Superstition dictates that Republicans can’t compete in blue states, nor Democrats in red ones. They certainly shouldn’t treat those foreign lands as opportunities to throw some spaghetti at the wall on the cheap. I mean, it would be bad luck to run a Republican candidate in LA on the platform of (insert some idea that Republicans generally don’t run on but won’t be offensive).

The media similarly has its superstitions around politics, including what kind of coverage is expected, what polls really mean, which voters count more (evangelicals, soccer moms, NASCAR dads, etc.), who gets access, what the differences are between Republicans and Democrats, and so on. It has its superstitions about who is important and what ideas are important. Campaigns should be about identifying problems, but they’re mostly about offering canned solutions to undefined problems, and then the solutions become the focus and they aren’t perfect so candidates get tarred for that.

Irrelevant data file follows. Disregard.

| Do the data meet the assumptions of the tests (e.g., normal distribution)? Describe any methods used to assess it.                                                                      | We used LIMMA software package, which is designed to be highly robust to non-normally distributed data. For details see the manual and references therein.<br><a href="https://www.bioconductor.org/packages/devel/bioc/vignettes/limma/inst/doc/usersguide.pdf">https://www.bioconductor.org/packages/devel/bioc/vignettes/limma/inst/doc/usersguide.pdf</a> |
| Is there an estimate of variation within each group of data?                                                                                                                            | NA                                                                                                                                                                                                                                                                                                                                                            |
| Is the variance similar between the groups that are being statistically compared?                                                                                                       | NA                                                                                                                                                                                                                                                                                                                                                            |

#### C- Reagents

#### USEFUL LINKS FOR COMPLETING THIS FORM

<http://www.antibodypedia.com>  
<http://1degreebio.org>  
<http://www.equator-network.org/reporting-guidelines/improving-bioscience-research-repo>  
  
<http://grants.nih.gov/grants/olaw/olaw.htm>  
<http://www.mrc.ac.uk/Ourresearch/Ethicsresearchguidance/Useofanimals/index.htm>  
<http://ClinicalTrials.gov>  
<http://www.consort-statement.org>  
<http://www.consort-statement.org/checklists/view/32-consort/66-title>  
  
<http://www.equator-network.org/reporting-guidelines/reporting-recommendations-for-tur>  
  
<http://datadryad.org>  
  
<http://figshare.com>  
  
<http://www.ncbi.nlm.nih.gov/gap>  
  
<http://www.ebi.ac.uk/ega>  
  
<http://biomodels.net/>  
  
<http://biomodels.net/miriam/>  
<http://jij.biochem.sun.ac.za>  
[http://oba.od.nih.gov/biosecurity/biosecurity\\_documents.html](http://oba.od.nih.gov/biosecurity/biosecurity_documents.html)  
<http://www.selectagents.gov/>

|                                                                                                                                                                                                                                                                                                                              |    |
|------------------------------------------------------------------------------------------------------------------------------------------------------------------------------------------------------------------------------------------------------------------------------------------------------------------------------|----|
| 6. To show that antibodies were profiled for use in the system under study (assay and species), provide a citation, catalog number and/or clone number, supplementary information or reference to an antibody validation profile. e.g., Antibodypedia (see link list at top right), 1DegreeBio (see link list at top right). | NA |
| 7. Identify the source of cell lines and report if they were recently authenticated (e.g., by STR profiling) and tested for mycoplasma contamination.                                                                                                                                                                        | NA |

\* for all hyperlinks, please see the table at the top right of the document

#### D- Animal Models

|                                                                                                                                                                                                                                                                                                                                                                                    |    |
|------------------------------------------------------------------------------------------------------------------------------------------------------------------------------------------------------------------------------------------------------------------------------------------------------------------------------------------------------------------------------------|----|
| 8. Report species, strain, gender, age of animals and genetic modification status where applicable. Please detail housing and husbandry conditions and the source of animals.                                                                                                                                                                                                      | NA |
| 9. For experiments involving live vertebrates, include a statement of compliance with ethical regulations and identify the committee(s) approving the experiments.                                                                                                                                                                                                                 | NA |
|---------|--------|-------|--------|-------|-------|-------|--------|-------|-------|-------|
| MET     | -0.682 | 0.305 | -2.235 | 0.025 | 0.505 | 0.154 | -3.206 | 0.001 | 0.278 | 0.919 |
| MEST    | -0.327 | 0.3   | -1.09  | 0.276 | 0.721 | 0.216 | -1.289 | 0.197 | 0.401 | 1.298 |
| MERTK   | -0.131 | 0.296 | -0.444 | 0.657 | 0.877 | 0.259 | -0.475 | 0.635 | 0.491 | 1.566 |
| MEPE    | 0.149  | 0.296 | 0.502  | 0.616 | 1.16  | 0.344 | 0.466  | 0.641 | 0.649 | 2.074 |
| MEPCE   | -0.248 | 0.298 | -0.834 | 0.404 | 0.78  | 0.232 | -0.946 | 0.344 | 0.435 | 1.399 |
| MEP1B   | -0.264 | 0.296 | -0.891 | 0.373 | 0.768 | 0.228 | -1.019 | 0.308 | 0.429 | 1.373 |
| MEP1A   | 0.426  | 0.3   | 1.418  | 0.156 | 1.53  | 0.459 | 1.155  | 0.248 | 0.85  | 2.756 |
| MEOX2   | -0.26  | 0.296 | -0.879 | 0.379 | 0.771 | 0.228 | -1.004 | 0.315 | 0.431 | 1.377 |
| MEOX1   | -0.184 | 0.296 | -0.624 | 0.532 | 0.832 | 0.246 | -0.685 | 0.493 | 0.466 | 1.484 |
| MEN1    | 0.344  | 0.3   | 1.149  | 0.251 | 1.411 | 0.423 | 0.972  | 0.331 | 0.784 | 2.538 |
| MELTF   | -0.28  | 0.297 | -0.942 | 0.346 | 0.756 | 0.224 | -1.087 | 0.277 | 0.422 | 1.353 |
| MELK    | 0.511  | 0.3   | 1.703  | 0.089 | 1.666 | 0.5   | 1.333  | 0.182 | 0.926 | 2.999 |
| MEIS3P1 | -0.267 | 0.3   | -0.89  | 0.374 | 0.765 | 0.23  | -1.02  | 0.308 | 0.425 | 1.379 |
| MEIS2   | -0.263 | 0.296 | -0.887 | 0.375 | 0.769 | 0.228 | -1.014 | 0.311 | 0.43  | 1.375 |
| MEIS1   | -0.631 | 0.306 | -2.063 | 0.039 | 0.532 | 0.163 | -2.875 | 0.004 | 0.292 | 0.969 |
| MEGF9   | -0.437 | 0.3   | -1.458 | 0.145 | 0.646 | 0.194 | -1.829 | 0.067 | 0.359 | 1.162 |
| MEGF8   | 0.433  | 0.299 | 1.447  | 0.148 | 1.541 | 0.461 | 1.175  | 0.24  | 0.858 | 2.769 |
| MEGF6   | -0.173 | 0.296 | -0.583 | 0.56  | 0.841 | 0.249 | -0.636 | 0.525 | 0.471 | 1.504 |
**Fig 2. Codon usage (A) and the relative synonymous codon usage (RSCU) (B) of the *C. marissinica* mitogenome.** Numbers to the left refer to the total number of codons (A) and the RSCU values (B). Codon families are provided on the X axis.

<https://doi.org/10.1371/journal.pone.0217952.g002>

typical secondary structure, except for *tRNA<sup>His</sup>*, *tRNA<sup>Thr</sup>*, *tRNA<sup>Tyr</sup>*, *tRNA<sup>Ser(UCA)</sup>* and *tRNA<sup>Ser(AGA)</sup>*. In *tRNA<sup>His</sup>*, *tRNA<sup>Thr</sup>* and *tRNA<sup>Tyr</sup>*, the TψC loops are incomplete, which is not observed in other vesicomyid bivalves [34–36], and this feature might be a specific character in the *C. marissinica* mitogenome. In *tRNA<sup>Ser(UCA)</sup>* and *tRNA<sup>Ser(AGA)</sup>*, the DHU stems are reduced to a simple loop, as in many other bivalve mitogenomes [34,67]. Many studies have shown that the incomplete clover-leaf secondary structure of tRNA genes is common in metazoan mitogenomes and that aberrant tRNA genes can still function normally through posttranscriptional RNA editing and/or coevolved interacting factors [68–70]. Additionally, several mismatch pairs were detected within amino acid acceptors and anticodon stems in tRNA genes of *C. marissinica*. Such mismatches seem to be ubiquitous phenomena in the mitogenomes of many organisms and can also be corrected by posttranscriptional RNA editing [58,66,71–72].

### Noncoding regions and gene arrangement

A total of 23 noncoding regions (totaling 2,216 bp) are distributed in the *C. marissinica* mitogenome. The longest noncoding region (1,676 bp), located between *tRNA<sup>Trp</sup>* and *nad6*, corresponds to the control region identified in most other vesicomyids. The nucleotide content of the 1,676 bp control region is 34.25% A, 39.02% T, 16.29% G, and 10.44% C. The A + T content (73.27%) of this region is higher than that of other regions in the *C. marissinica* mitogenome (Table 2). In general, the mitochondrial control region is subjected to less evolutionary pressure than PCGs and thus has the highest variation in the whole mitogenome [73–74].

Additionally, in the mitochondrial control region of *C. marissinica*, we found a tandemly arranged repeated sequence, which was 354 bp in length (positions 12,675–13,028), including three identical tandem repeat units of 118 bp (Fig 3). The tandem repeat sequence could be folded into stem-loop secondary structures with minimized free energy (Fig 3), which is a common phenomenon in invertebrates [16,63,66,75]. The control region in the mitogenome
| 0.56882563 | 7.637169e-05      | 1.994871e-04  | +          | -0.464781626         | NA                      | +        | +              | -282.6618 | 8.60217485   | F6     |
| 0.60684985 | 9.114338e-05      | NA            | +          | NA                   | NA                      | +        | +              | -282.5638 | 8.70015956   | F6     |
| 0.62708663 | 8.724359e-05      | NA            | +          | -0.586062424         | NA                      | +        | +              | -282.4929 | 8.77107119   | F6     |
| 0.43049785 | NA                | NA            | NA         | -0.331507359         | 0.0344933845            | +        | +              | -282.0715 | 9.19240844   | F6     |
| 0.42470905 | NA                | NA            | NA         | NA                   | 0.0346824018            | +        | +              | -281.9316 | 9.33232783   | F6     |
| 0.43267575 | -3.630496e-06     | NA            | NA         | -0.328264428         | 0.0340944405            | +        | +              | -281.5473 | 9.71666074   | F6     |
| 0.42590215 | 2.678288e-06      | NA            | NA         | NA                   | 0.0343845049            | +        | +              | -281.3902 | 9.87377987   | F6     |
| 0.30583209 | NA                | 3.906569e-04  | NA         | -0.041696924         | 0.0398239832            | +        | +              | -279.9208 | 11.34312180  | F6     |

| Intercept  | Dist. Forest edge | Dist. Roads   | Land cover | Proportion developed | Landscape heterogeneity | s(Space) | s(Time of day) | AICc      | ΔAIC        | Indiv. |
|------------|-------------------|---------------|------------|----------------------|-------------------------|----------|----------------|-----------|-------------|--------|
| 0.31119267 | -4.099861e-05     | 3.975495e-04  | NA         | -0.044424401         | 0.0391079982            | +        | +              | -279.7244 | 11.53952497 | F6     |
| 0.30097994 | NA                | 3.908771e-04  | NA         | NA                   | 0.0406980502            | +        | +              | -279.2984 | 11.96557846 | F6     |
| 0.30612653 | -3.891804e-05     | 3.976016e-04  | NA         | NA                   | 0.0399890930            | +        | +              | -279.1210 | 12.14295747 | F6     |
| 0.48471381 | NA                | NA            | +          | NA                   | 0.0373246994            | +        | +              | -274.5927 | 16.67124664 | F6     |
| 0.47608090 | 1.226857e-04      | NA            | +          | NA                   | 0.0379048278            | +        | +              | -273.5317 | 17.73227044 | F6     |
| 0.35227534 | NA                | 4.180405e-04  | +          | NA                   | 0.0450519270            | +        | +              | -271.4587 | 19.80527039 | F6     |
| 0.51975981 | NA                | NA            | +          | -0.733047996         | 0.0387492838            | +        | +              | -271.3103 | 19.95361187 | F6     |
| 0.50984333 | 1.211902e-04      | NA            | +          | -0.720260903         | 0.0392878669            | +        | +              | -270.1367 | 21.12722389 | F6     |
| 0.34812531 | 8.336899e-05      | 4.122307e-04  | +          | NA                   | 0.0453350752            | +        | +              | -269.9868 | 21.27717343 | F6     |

The problem of superstitions is quite extensive in our lives. They represent blockages that prevent honest progress, out of fear of the unknown. The media’s focus on the ten-year-cost of Medicare-for-All, despite the actual ongoing economic cost already being greater, is one example of this. The Republicans’ reluctance to give up on repealing the ACA, in favor of some real policy is another.

These superstitions exist because of mere coincidence. The apparent interest in Republicans around the time they championed repealing the ACA caused them to believe that people wanted repeal, rather than the people wanting further development of healthcare policy toward some unknown better system. The media believes then ten-year costs of Medicare-for-All are important because they believe big numbers are important.

I don’t think Medicare-for-All is the be-all-end-all of healthcare. It is one way to do the thing. But I do think that continuing to refine healthcare funding is entirely necessary, and systems that tend to diminish the involvement of employers in healthcare are generally superior to those that do not. Over a ten year period where healthcare isn’t provided by employers, ceteris paribus, we should expect a healthier economy and a healthier population.